May 26, 2006

2006 Vacation/Travel Supplement

African safari:
Wild game preserve protects animals in their natural habitat

By Joan M. Wyand
Special to The Criterion

NAIROBI, KENYA—My mind was filled with curiosity as the airplane landed at Jomo Kenyatta Airport.

The Kenyan air felt dry and warm compared to the wet and blistering cold conditions in Rhode Island when I left Providence on Jan. 13, a day and a half earlier.

I exchanged some traveler’s checks in the baggage-claim area of the airport at the rate of about one U.S. dollar to 70 Kenya shillings.

I had been hired by an American jewelry distributor to alter glazes on ceramic beads at the Kazuri studio factory in Karen, Kenya. The company had arranged for a driver to wait for my arrival outside the security gate, and I would suggest using a travel agent to plan these details when visiting Africa.

Two days later, I flew from Wilson Airport to the Masai Mara National Reserve to go on safari. The pilot of the 15-seat commuter airplane took me about 45 minutes outside Nairobi then landed the plane on a red dirt runway, where I was greeted by a tour guide and a local Maasai.

In an open-roofed Jeep, we drove past a large giraffe on our way up the dusty mountainside to the Mara Siria Luxury Bush Camp. Kores Olemusun, the camp director, welcomed me at the main tent with ice tea and friendly conversation.

Then I was led to my large tent, which came equipped with solar-powered lighting, a queen-sized bed, a desk, a full bathroom and a porch. The camp staff served three huge meals every day, and beverages were available upon request.

In the early mornings and in the afternoons, my tour guide, Stephen, drove me down the mountainside and into the Mara, a nature preserve.

The first day, I saw a lion hunting in a herd of gazelle, but he did not catch his prey. We stopped to observe a vulture and a stork eating some unidentifiable animal remains. Stephen told me this species of stork eats the bones left over by the vultures and processes the calcium to survive. I was amazed by nature’s seamless and efficient recycling process.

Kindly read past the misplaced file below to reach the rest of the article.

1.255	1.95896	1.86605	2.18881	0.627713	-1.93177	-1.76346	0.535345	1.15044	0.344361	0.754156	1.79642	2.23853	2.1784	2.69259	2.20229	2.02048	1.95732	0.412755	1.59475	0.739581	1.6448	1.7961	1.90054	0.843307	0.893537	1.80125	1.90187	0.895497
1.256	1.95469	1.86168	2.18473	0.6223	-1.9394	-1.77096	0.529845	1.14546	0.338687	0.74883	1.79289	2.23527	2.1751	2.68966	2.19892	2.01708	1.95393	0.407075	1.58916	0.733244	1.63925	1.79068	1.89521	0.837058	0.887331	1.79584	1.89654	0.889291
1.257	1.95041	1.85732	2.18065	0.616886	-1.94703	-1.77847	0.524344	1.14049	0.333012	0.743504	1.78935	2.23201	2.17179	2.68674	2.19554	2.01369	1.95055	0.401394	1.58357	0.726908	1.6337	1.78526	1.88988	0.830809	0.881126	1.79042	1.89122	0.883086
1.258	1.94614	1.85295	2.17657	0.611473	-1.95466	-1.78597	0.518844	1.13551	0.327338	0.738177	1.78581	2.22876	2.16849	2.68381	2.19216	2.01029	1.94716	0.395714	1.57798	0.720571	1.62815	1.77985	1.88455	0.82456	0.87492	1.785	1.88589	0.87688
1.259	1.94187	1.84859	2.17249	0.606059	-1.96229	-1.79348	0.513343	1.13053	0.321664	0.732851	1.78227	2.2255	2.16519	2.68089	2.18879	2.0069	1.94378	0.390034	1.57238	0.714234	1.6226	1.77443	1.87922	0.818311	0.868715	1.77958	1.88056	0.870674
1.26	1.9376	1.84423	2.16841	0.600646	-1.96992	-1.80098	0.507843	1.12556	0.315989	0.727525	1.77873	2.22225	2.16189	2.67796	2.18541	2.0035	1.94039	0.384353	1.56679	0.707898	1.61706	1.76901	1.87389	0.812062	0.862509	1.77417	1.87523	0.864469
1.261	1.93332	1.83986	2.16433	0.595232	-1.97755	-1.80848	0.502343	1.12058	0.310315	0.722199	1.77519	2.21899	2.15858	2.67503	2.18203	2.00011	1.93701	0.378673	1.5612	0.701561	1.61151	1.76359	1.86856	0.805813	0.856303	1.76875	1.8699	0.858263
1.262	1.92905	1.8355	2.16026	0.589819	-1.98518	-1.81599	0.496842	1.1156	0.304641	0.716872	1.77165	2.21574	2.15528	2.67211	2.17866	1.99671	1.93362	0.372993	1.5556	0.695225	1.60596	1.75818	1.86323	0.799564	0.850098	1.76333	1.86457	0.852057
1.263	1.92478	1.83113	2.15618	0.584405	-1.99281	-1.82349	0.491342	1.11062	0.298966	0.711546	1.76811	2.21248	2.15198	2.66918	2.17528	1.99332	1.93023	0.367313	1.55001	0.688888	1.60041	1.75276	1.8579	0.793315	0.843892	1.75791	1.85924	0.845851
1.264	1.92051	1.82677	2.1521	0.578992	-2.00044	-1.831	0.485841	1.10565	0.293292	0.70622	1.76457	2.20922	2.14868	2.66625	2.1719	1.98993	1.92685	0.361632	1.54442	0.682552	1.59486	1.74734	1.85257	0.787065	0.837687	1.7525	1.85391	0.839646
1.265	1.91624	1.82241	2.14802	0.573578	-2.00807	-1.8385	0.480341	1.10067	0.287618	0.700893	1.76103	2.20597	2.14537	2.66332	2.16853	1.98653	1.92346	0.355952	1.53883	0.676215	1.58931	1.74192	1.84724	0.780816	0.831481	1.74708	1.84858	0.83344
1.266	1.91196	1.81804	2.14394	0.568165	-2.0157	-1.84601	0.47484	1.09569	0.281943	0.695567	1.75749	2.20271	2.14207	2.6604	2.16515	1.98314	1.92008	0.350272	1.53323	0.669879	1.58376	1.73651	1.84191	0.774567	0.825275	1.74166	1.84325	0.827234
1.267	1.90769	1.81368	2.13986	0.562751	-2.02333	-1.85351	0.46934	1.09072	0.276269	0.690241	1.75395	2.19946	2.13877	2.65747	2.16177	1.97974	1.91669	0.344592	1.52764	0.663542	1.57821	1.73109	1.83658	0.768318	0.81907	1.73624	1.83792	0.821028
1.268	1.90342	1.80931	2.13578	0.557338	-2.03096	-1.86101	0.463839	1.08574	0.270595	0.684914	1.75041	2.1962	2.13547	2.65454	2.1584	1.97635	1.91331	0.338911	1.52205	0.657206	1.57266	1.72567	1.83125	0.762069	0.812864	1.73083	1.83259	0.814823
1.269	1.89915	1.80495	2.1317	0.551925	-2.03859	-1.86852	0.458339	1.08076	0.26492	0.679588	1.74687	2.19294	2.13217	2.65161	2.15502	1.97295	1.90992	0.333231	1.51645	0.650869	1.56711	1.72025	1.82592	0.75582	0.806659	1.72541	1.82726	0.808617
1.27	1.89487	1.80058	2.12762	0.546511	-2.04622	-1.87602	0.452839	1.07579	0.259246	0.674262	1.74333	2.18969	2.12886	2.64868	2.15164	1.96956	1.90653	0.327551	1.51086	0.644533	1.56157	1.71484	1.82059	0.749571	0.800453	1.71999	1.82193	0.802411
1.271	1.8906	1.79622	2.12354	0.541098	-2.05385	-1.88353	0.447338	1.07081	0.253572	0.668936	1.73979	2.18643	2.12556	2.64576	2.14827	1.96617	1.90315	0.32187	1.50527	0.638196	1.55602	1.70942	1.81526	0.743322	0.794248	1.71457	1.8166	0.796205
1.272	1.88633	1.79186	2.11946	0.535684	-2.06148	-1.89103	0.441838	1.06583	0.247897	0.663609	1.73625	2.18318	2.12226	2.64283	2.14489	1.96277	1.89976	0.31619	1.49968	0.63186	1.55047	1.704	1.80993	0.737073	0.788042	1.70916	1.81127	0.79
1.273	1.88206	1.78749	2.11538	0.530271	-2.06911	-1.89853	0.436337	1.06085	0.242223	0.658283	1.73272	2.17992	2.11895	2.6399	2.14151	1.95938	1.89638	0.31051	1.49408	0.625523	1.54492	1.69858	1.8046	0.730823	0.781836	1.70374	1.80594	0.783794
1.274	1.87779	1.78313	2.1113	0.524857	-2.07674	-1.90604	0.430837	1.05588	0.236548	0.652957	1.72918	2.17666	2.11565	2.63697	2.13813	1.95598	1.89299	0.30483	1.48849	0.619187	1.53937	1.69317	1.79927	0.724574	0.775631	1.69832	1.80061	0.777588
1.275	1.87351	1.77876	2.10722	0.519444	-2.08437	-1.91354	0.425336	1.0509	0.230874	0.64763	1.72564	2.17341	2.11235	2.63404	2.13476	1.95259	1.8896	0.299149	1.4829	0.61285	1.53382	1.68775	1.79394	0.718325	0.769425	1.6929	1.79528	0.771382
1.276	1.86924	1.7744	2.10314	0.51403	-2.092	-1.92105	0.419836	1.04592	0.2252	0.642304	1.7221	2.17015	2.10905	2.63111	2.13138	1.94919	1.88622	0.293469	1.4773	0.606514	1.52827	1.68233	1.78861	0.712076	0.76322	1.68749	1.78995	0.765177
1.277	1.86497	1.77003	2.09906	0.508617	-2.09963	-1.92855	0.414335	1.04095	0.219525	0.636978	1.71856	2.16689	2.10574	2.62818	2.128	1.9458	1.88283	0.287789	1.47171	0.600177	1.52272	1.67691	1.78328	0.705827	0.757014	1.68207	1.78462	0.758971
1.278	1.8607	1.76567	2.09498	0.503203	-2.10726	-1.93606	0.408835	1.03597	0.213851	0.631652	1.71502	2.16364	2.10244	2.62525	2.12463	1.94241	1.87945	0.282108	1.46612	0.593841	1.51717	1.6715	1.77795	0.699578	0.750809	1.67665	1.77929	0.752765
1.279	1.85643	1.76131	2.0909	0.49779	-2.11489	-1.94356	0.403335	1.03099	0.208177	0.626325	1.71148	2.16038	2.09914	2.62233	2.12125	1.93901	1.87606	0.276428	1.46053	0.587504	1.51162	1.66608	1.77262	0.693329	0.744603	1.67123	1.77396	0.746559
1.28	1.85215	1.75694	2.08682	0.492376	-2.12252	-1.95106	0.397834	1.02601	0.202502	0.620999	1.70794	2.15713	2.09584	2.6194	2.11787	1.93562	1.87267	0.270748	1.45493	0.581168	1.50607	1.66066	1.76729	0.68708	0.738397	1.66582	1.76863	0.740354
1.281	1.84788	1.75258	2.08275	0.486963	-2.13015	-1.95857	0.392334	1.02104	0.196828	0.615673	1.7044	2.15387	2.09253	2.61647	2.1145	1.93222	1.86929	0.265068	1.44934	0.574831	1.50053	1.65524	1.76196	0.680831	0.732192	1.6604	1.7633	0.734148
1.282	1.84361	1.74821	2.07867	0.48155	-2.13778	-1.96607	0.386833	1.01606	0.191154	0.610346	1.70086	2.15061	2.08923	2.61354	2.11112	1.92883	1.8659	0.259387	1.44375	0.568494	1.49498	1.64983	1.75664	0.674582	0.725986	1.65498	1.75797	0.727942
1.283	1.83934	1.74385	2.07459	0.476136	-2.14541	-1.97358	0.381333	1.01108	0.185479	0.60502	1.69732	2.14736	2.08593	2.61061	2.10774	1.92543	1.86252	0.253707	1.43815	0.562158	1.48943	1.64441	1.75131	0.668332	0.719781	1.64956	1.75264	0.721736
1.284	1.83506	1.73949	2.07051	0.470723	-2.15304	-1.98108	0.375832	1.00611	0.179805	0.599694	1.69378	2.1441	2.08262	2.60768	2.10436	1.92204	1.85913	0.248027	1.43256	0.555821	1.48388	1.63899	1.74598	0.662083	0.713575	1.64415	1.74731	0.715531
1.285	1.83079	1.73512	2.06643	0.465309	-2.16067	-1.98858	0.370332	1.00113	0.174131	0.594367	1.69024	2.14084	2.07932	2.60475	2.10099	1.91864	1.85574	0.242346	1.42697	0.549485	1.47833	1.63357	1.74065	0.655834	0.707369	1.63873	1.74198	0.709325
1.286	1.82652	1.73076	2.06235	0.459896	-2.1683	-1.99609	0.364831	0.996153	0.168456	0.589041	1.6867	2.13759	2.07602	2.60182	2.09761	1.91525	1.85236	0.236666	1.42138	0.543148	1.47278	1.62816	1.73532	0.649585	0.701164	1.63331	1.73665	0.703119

The next day, we entered the Mara with the sunrise around 6 a.m. We found a herd of 15 elephants moving slowly and methodically across the dry grass for a morning drink at the river.

In the afternoon, we came across two male lions playing with their next meal, the carcass of a wildebeest, a recent kill. On our way back to the camp, we stopped to watch three zebras grazing by the dirt road.

During the safari outings, I saw a spectrum of wild animals, including lions, cheetahs, elephants, wildebeests, water buffalo, giraffes, baboons, rhinoceroses, hippopotami and exotic birds.

I was so happy to see animals living truly free to go wherever they please. I snapped photo after photo, oohing and aahing at the animals in their most natural state.

Each day after I got back from the afternoon safari, I spent time with a Maasai named Kinantta (Kee-nand-ta). Truly beautiful, he dressed in the traditional style of beaded red wrap, handmade leather shoes and head décor made from small strands of wool sewn together in rows.

The Maasai are a semi-nomadic tribe that lives in small villages throughout the southwest region of Kenya.